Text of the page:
“My first trip to South Asia was a real eye-opening experience,” says Tuinstra. “So many people and so many communities are connected with agriculture. It came as a shock that my new friends and colleagues were looking to me for answers to their questions and solutions to their challenges.”

After returning home, he was hired as a faculty member at Kansas State University focusing on sorghum breeding. It was here that he received his first United States Agency for International Development (USAID) grant as part of the International Sorghum and Millet (ISM) Collaborative Research Support Program (CRSP). His research focused on developing new sorghum varieties that were drought stress tolerant. In 2007, he was offered a faculty position at Purdue as Professor of Plant Breeding and Genetics in the Department of Agronomy, and is now the Wickersham Chair of Excellence in Agricultural Research and Professor of Plant Breeding and Genetics. 

“Although farmers have faced the challenges of droughts and heat waves for thousands of years, there is mounting concern that changes in our climate may hamper agricultural productivity in the United States and around the world,” says Tuinstra. “Responding to these concerns with efforts to develop “climate resilient” cultivars of maize and sorghum will help contribute to the adaptation of agriculture to warmer and drier environments.”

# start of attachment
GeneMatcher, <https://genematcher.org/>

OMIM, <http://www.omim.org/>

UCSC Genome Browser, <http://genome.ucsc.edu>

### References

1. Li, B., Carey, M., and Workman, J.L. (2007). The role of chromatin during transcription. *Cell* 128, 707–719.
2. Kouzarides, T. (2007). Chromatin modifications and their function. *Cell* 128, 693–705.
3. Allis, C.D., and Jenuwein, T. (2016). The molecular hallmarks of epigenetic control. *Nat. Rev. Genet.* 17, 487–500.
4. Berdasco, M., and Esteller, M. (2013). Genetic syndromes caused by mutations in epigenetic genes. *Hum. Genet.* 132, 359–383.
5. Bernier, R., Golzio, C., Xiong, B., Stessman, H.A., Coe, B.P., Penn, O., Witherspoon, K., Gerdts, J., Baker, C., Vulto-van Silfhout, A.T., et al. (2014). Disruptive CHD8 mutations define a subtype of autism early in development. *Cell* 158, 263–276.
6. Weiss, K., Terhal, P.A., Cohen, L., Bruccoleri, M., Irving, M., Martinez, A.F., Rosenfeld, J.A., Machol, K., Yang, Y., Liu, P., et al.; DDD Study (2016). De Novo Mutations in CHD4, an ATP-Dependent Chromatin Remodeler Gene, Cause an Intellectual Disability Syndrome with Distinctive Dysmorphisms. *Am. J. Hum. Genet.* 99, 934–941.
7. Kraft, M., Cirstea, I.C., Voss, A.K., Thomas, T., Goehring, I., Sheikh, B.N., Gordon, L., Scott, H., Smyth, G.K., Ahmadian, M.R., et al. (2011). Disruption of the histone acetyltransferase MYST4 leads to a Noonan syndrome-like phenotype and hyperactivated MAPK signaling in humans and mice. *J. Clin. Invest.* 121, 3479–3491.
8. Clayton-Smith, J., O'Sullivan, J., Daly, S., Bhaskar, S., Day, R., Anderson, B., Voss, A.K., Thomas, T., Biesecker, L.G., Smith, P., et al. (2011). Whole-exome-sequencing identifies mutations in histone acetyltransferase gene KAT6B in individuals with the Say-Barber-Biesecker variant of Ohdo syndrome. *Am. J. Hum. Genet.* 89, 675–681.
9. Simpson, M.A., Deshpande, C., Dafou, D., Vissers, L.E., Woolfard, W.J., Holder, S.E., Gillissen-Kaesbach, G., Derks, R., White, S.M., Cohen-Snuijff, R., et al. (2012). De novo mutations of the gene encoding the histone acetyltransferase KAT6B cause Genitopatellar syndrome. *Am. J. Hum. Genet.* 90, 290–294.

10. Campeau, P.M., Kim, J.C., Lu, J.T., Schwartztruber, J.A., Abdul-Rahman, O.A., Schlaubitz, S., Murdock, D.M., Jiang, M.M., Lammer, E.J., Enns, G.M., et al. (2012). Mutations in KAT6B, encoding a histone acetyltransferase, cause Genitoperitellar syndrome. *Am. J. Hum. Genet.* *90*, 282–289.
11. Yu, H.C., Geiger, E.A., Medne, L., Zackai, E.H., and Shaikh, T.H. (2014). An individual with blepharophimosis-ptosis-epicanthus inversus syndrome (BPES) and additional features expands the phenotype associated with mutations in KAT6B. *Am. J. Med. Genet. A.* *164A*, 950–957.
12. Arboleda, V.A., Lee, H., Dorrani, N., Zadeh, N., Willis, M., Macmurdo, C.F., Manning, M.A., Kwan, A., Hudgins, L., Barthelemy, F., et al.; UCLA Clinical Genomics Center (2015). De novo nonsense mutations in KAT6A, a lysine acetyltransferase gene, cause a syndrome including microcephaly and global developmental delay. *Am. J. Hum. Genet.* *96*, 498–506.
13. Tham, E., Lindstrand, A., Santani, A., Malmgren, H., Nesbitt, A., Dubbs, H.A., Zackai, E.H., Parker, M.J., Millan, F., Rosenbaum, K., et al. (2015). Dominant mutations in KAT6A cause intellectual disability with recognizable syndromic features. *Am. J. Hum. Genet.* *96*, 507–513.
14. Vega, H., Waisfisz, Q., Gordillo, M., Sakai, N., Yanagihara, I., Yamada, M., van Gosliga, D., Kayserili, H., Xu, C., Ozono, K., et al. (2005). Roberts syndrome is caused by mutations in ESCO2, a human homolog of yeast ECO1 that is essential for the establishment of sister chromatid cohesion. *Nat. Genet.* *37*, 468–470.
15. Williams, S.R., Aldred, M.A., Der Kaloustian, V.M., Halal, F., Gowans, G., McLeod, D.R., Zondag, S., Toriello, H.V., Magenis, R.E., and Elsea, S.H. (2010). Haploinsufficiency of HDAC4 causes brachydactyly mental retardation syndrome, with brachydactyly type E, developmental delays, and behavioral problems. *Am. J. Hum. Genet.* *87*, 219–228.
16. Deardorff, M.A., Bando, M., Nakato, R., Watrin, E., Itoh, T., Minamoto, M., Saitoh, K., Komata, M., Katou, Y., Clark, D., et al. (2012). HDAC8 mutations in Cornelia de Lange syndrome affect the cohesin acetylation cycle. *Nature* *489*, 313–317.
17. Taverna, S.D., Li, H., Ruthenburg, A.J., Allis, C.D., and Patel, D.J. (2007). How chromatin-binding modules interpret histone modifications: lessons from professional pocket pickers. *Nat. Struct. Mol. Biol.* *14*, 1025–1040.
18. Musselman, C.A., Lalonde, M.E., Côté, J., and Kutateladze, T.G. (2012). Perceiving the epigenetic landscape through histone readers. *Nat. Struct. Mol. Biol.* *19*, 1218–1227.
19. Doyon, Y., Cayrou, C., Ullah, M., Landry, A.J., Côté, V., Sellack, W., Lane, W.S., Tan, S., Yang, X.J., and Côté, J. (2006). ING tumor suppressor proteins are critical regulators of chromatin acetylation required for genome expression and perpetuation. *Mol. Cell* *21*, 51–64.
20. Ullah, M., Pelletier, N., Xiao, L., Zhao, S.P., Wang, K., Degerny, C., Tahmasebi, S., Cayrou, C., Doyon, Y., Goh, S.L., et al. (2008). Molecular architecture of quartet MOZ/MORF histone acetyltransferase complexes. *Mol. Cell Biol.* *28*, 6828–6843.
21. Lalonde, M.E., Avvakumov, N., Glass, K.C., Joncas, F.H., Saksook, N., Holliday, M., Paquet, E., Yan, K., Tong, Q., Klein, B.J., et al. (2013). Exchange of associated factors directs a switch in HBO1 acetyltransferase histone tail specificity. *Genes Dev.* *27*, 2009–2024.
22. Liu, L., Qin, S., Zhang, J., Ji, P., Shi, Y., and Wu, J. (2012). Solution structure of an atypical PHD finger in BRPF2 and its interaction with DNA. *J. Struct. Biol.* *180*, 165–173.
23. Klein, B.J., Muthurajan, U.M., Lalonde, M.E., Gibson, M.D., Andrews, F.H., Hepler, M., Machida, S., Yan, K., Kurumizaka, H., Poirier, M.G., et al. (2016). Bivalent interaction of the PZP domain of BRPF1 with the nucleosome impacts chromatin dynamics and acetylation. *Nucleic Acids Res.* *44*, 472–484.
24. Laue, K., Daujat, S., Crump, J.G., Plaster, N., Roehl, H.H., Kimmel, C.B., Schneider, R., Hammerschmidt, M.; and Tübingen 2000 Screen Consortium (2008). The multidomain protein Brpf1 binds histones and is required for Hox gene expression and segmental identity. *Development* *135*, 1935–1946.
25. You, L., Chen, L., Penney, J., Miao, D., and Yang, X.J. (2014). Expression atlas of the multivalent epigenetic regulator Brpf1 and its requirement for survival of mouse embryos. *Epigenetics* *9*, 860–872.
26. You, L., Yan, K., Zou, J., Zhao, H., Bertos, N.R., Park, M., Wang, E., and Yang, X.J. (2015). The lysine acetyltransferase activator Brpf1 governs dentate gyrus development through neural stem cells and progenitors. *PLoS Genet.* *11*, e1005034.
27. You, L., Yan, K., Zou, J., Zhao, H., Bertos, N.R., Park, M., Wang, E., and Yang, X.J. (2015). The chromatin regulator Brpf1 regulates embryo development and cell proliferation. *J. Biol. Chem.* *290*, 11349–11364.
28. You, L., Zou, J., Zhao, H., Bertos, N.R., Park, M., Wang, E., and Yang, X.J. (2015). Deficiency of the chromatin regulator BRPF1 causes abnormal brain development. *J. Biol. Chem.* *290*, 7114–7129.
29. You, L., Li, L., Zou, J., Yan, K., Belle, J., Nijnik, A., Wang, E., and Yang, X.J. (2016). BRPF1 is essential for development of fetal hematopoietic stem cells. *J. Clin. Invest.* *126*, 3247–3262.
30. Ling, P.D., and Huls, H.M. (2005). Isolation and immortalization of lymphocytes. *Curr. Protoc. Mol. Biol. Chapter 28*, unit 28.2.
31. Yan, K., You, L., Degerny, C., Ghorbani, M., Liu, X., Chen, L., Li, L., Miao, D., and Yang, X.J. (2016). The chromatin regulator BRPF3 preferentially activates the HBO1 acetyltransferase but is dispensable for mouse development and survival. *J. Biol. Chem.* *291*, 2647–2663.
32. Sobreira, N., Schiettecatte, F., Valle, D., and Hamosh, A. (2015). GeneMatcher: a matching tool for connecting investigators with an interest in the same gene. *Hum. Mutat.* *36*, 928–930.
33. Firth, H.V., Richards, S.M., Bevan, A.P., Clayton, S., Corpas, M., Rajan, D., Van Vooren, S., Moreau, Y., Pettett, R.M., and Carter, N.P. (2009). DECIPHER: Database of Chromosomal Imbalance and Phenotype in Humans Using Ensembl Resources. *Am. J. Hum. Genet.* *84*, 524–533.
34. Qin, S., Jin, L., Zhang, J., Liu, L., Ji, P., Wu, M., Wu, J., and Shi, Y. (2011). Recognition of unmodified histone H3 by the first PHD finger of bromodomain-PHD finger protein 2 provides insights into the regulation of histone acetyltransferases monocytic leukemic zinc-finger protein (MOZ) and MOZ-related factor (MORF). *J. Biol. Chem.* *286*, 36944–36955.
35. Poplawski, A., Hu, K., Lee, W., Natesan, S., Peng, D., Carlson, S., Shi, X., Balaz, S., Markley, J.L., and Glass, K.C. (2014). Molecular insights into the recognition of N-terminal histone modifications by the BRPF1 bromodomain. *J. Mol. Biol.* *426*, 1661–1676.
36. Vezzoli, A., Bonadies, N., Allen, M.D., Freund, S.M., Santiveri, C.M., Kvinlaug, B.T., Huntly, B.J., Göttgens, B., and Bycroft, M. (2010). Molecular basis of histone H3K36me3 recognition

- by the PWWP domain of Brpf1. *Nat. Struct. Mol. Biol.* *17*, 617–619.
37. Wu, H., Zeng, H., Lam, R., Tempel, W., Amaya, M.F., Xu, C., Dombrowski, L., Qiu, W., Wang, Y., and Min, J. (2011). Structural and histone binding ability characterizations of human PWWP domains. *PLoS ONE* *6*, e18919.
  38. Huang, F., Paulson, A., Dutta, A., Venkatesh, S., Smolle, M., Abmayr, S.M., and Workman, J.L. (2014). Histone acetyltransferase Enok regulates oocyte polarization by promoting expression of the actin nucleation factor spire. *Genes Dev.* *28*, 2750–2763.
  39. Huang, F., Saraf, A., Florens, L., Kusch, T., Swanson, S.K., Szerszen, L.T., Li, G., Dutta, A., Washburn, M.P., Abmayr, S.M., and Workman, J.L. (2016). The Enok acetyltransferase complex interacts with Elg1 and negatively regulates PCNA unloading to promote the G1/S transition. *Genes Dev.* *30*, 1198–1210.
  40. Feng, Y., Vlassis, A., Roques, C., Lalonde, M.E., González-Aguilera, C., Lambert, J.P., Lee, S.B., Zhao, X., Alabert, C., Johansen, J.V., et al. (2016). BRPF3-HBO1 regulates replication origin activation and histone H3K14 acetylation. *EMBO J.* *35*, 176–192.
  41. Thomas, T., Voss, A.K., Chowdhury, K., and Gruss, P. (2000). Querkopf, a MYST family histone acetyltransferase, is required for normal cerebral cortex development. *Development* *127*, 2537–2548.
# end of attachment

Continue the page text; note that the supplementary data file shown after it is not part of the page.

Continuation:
His research at Purdue focuses on identifying genes and genetic resources that contribute to improved crop performance in stressful environments. He has been highly successful in initiating international collaborations with scientists and breeders to improve crop performance in numerous locations throughout North America, Africa and Asia. 

“Mitch has demonstrated excellence in international research and collaboration through his work studying how crop plants grow in stressful environments,” says Gerald Shively, associate dean and director of International Programs in Agriculture (IPIA). “Through these projects, he has established a commitment to global agriculture and food systems, delivering high impact capacity building with food producers and processors as well as government officials and consumers.”